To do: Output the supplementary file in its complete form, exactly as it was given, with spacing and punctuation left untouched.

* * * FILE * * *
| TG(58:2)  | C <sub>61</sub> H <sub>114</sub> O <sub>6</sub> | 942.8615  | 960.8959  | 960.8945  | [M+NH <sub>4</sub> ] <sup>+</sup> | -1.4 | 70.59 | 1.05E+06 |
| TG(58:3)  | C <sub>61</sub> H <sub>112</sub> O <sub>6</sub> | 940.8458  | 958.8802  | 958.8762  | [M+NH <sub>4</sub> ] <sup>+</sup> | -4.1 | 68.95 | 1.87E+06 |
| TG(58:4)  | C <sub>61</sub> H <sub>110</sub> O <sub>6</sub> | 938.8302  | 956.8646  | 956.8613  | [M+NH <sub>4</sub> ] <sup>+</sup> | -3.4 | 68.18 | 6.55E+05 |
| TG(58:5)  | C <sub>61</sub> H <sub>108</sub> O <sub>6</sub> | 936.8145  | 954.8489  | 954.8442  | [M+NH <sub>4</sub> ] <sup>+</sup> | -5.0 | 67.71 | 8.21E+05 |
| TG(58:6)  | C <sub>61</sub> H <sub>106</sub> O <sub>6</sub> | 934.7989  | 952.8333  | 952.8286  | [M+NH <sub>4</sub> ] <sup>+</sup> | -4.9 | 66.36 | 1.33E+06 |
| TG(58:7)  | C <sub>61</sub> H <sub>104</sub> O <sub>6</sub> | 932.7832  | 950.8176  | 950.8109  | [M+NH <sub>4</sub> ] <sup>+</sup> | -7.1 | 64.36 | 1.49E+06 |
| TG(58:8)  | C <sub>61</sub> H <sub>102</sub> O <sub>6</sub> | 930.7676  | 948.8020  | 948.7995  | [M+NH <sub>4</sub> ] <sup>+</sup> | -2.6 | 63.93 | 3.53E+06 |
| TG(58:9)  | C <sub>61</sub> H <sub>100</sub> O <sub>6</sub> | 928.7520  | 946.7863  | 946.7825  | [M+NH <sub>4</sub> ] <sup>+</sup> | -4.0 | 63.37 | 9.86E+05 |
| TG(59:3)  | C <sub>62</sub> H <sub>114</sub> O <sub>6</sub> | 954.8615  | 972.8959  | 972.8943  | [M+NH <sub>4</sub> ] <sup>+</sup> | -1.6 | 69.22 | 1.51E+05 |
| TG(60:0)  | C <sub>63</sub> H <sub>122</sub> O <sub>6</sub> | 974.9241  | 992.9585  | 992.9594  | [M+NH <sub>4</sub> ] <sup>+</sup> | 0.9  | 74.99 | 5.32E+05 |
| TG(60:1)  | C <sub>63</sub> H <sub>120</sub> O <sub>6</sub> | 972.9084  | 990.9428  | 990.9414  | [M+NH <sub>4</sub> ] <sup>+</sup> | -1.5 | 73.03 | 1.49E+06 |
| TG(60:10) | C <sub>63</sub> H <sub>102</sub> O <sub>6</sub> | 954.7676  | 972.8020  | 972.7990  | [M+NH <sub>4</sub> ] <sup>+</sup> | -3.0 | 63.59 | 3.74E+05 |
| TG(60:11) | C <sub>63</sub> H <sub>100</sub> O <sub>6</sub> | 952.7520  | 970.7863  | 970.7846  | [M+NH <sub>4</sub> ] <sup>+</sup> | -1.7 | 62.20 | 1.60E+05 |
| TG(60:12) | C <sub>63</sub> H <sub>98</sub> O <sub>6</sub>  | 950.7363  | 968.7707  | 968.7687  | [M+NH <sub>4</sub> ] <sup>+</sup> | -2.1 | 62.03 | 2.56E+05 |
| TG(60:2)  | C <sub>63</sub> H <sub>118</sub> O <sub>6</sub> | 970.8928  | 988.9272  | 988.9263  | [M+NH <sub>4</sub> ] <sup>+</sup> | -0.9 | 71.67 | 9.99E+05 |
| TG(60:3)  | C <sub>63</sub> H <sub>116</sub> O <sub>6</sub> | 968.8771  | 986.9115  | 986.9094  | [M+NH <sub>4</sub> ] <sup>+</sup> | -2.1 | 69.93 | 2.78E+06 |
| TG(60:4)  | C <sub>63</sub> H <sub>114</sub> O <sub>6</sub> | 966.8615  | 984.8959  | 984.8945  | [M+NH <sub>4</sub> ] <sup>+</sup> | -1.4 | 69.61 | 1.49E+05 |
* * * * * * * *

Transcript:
| TG(58:2)  | C <sub>61</sub> H <sub>114</sub> O <sub>6</sub> | 942.8615  | 960.8959  | 960.8945  | [M+NH <sub>4</sub> ] <sup>+</sup> | -1.4 | 70.59 | 1.05E+06 |
| TG(58:3)  | C <sub>61</sub> H <sub>112</sub> O <sub>6</sub> | 940.8458  | 958.8802  | 958.8762  | [M+NH <sub>4</sub> ] <sup>+</sup> | -4.1 | 68.95 | 1.87E+06 |
| TG(58:4)  | C <sub>61</sub> H <sub>110</sub> O <sub>6</sub> | 938.8302  | 956.8646  | 956.8613  | [M+NH <sub>4</sub> ] <sup>+</sup> | -3.4 | 68.18 | 6.55E+05 |
| TG(58:5)  | C <sub>61</sub> H <sub>108</sub> O <sub>6</sub> | 936.8145  | 954.8489  | 954.8442  | [M+NH <sub>4</sub> ] <sup>+</sup> | -5.0 | 67.71 | 8.21E+05 |
| TG(58:6)  | C <sub>61</sub> H <sub>106</sub> O <sub>6</sub> | 934.7989  | 952.8333  | 952.8286  | [M+NH <sub>4</sub> ] <sup>+</sup> | -4.9 | 66.36 | 1.33E+06 |
| TG(58:7)  | C <sub>61</sub> H <sub>104</sub> O <sub>6</sub> | 932.7832  | 950.8176  | 950.8109  | [M+NH <sub>4</sub> ] <sup>+</sup> | -7.1 | 64.36 | 1.49E+06 |
| TG(58:8)  | C <sub>61</sub> H <sub>102</sub> O <sub>6</sub> | 930.7676  | 948.8020  | 948.7995  | [M+NH <sub>4</sub> ] <sup>+</sup> | -2.6 | 63.93 | 3.53E+06 |
| TG(58:9)  | C <sub>61</sub> H <sub>100</sub> O <sub>6</sub> | 928.7520  | 946.7863  | 946.7825  | [M+NH <sub>4</sub> ] <sup>+</sup> | -4.0 | 63.37 | 9.86E+05 |
| TG(59:3)  | C <sub>62</sub> H <sub>114</sub> O <sub>6</sub> | 954.8615  | 972.8959  | 972.8943  | [M+NH <sub>4</sub> ] <sup>+</sup> | -1.6 | 69.22 | 1.51E+05 |
| TG(60:0)  | C <sub>63</sub> H <sub>122</sub> O <sub>6</sub> | 974.9241  | 992.9585  | 992.9594  | [M+NH <sub>4</sub> ] <sup>+</sup> | 0.9  | 74.99 | 5.32E+05 |
| TG(60:1)  | C <sub>63</sub> H <sub>120</sub> O <sub>6</sub> | 972.9084  | 990.9428  | 990.9414  | [M+NH <sub>4</sub> ] <sup>+</sup> | -1.5 | 73.03 | 1.49E+06 |
| TG(60:10) | C <sub>63</sub> H <sub>102</sub> O <sub>6</sub> | 954.7676  | 972.8020  | 972.7990  | [M+NH <sub>4</sub> ] <sup>+</sup> | -3.0 | 63.59 | 3.74E+05 |
| TG(60:11) | C <sub>63</sub> H <sub>100</sub> O <sub>6</sub> | 952.7520  | 970.7863  | 970.7846  | [M+NH <sub>4</sub> ] <sup>+</sup> | -1.7 | 62.20 | 1.60E+05 |
| TG(60:12) | C <sub>63</sub> H <sub>98</sub> O <sub>6</sub>  | 950.7363  | 968.7707  | 968.7687  | [M+NH <sub>4</sub> ] <sup>+</sup> | -2.1 | 62.03 | 2.56E+05 |
| TG(60:2)  | C <sub>63</sub> H <sub>118</sub> O <sub>6</sub> | 970.8928  | 988.9272  | 988.9263  | [M+NH <sub>4</sub> ] <sup>+</sup> | -0.9 | 71.67 | 9.99E+05 |
| TG(60:3)  | C <sub>63</sub> H <sub>116</sub> O <sub>6</sub> | 968.8771  | 986.9115  | 986.9094  | [M+NH <sub>4</sub> ] <sup>+</sup> | -2.1 | 69.93 | 2.78E+06 |
| TG(60:4)  | C <sub>63</sub> H <sub>114</sub> O <sub>6</sub> | 966.8615  | 984.8959  | 984.8945  | [M+NH <sub>4</sub> ] <sup>+</sup> | -1.4 | 69.61 | 1.49E+05 |